The first person to seriously teach me about evolution was a creationist. I say this in all seriousness, using a non-ironic sense of the word “teach”. This creationist was my 7th grade science teacher, who for the purposes of this essay, we’ll call Ms. Science. I went to a small school, so Ms. Science taught science courses for grades 6, 7, and 8, and 7th grade was the year we studied “Life Science”. An appropriately large portion of the course was dedicated to teaching us the principles of evolution, and we learned it straight out of the textbook. There was nothing to indicate that our teacher didn’t wholeheartedly believe everything she was teaching, and I ended the year with a decent (for a 7th grader) understanding of evolutionary theory.
This was our textbook, in case you’re curious.
Hypatia’s student, Orestes, urges her to leave the rest of the scrolls behind as the Christians destroy what remains of the Library of Alexandria.
A few days ago a friend of mine introduced me to a film he cleverly describes as “the atheist’s Passion of the Christ” – Agora. This Spanish-made 2009 film tells the story of Hypatia, the great philosopher, mathematician, and astronomer who researched and taught in Alexandria, and the film deals with the relationship between religion and science/learning.
The year is 391 A.D., and the Christians of Alexandria are causing unrest by defiling the gods of the ruling pagans. The pagans, against Hypatia’s urgings, attack the Christians but then find themselves outnumbered and are beaten back. They take refuge in the Serapeum, the temple to the Hellenistic-Egyptian god Serapis, which also housed an offshoot collection of the great Library of Alexandria (which was destroyed before this time, although the date of its destruction is unknown). The pagans, Hypatia among them, are besieged in the temple for a time. All the while, Hypatia is looking at the sky, trying to figure out the mysteries of the heavens, namely why the “wanderers” – the moon, sun, Mercury, Venus, Mars, Jupiter, and Saturn – move as they do; as one of her students suggests, the Ptolemaic model of the universe, which places the wanderers on epicycles moving around the Earth, seems too “whimsical”, and there must be a simpler answer.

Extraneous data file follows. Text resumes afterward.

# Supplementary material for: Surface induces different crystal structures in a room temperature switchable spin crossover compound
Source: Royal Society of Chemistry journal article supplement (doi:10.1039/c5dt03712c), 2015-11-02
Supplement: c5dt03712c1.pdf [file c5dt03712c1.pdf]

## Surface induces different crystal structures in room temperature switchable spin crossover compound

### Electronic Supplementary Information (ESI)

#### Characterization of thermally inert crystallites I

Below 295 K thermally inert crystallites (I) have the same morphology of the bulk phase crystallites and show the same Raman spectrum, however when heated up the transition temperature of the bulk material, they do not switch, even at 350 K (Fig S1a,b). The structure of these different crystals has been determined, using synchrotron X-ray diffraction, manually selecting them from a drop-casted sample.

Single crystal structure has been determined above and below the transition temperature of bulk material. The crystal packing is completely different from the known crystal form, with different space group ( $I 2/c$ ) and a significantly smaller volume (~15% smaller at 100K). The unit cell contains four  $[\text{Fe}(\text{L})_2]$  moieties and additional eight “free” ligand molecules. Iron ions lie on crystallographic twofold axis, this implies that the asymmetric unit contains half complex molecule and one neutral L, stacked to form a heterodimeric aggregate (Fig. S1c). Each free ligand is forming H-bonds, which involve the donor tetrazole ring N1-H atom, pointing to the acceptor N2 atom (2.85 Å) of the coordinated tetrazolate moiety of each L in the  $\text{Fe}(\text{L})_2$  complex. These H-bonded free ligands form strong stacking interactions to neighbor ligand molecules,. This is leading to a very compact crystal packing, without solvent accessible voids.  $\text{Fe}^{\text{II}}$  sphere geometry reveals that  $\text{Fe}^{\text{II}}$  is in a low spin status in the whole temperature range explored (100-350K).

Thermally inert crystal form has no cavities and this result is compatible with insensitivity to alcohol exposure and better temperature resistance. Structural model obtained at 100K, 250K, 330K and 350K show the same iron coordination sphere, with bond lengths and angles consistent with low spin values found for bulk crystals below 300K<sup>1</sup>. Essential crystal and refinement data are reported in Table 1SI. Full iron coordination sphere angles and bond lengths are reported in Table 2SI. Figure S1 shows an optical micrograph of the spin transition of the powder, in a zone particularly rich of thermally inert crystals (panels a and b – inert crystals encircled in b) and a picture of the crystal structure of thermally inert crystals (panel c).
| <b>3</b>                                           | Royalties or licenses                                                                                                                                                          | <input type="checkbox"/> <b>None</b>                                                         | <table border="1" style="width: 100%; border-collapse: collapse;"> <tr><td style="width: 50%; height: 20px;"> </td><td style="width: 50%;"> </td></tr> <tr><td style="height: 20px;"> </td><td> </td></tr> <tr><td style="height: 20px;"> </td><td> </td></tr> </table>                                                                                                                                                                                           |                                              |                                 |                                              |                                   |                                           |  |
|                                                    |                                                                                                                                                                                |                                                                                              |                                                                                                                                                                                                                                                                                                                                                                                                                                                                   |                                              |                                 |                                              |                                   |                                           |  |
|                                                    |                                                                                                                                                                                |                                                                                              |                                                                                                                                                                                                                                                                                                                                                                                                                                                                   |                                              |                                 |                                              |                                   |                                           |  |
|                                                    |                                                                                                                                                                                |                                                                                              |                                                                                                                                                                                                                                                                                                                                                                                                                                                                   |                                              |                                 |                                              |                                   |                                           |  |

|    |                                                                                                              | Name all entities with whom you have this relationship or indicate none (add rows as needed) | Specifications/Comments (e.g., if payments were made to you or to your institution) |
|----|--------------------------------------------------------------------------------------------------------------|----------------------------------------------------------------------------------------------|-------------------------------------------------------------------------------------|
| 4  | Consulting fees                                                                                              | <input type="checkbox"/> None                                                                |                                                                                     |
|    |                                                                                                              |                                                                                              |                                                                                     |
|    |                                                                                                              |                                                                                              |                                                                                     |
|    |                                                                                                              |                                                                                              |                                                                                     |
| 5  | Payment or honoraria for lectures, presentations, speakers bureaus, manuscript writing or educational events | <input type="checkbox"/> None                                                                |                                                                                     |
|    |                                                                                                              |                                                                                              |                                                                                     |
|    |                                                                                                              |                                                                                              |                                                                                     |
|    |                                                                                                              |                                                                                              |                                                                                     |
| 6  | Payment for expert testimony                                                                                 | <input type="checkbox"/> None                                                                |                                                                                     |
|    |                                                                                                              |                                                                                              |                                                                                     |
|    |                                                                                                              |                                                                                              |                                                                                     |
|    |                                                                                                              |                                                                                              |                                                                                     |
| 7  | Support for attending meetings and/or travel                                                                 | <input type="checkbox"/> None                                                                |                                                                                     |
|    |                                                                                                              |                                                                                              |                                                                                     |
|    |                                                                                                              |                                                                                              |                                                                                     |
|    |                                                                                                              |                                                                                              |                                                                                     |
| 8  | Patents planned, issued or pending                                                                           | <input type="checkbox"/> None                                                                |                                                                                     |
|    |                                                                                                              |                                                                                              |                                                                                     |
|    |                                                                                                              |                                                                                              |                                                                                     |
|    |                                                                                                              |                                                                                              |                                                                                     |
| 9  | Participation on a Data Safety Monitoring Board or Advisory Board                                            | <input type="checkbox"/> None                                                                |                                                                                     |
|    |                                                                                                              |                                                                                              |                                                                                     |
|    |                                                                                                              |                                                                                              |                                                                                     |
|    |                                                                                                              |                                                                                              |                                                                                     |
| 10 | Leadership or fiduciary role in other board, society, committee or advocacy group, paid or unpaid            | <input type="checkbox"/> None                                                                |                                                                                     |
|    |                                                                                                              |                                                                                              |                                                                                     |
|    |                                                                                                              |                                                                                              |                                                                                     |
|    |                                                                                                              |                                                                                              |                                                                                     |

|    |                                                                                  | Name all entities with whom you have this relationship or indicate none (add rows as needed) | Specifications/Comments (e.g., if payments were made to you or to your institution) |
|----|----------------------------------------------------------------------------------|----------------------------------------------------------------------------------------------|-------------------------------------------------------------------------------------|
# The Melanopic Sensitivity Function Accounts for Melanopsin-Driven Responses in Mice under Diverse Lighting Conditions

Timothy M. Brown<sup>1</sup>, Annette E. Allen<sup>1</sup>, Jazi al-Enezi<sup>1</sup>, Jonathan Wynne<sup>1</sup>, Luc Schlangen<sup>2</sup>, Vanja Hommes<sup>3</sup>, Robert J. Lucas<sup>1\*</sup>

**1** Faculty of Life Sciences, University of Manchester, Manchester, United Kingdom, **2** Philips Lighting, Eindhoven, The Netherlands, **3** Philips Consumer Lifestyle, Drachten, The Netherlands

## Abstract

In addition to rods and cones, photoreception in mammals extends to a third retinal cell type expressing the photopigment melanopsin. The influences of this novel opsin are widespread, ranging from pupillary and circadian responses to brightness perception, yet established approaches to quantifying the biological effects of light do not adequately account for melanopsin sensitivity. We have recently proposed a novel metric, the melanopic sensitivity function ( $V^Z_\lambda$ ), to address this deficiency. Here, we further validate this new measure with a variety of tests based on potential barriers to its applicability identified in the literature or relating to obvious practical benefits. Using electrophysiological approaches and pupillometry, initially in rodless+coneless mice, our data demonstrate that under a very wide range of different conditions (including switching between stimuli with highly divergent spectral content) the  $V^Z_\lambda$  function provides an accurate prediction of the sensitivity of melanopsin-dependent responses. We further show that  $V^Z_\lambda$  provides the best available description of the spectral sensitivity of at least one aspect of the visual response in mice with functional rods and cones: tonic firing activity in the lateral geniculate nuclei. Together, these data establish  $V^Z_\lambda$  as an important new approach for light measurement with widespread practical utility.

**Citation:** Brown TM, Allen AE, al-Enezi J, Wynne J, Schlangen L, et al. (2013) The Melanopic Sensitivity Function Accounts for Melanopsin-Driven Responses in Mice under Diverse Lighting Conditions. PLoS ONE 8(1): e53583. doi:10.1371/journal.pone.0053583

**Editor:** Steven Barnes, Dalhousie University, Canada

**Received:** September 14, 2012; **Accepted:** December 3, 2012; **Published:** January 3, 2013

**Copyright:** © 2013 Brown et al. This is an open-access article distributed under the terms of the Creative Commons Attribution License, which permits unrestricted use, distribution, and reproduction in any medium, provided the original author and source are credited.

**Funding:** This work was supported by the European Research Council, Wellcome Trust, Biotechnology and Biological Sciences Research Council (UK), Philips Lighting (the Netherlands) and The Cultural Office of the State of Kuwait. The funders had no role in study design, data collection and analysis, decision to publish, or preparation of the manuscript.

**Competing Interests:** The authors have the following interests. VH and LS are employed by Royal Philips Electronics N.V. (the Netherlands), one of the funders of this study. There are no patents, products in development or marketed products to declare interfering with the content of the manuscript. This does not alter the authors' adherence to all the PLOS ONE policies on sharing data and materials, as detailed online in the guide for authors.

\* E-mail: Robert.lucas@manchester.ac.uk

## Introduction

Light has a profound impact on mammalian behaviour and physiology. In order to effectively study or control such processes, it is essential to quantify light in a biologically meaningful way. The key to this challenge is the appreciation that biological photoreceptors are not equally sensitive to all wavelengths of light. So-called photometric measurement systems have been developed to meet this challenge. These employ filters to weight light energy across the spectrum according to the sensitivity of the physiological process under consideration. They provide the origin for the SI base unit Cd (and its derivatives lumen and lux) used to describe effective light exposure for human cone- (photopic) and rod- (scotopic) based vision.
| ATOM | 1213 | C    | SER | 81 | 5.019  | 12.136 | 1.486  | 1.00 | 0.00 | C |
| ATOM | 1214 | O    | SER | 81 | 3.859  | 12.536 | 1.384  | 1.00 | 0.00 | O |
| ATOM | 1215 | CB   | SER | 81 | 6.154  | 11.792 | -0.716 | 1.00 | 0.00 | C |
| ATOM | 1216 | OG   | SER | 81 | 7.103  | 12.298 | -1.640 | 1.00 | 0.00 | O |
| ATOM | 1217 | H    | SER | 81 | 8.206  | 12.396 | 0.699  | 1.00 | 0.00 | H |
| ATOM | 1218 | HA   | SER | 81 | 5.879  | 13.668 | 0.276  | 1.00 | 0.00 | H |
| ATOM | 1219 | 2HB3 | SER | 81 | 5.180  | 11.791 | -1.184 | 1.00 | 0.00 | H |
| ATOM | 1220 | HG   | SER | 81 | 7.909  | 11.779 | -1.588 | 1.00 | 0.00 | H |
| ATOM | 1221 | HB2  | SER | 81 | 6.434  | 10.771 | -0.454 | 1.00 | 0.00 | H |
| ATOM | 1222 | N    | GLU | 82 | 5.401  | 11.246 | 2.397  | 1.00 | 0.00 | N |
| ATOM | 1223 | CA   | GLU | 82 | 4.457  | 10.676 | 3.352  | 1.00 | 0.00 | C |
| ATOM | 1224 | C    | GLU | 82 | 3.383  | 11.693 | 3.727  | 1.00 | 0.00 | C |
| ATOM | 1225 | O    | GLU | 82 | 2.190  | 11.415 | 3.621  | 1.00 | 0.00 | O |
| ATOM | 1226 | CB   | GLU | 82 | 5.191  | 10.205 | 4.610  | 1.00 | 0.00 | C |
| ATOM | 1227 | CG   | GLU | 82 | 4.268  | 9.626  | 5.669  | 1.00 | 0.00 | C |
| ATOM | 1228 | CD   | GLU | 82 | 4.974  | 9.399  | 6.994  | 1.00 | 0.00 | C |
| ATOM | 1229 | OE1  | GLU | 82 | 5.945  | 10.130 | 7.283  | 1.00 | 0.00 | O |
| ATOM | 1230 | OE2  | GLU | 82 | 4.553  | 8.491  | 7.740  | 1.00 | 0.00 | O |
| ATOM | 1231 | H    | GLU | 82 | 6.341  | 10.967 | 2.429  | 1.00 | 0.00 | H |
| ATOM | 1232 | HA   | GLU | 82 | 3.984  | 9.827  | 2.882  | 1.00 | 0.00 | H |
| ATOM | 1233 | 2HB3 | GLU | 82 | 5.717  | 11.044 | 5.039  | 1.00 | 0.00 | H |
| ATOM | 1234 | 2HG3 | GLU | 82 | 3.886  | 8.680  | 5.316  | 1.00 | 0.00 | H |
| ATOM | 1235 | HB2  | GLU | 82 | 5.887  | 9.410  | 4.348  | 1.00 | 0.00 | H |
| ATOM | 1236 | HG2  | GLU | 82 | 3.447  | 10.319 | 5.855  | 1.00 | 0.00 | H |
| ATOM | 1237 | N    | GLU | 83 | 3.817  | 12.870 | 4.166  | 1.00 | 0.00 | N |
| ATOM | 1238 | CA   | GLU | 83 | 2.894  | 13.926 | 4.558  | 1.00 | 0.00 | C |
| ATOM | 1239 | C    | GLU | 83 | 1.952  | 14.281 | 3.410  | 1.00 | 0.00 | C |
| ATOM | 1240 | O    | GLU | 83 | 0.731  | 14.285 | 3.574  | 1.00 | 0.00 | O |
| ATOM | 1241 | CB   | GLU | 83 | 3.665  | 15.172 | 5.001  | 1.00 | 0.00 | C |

(This continues my last post: How I Became an Atheist)
My high school apologetics class dealt with its subject matter as rigorously as any other class I took there. The purpose of the first unit was to clarify for us the concept of God, to get a look at the idea’s nuts and bolts and figure out exactly what is meant by “In the beginning God created the heavens and the earth.” We started with the most basic apologetic arguments for deism: arguments for god as First Cause and Ground of All Being, on the grounds that rejecting this hypothesis leads to the the dilemma of positing an eternal Universe or an infinite regress of causes. Once a theologically precise definition of God had been established, we went on to see what followed from this definition and what could be inferred about God from the world, as well as examining the evidence for the divinity of Jesus and the reliability of the Bible. It was all interesting material, but I found it abjectly unconvincing from the start. While I came into the class as an agnostic deist, this exposure to a rigorous analysis of what I kept telling myself I believed was enough to push me over the edge into full-blown Strong Atheism (the positive belief that there is no God). In this post, I’ll explain why I find even the most basic conception of God philosophically untenable.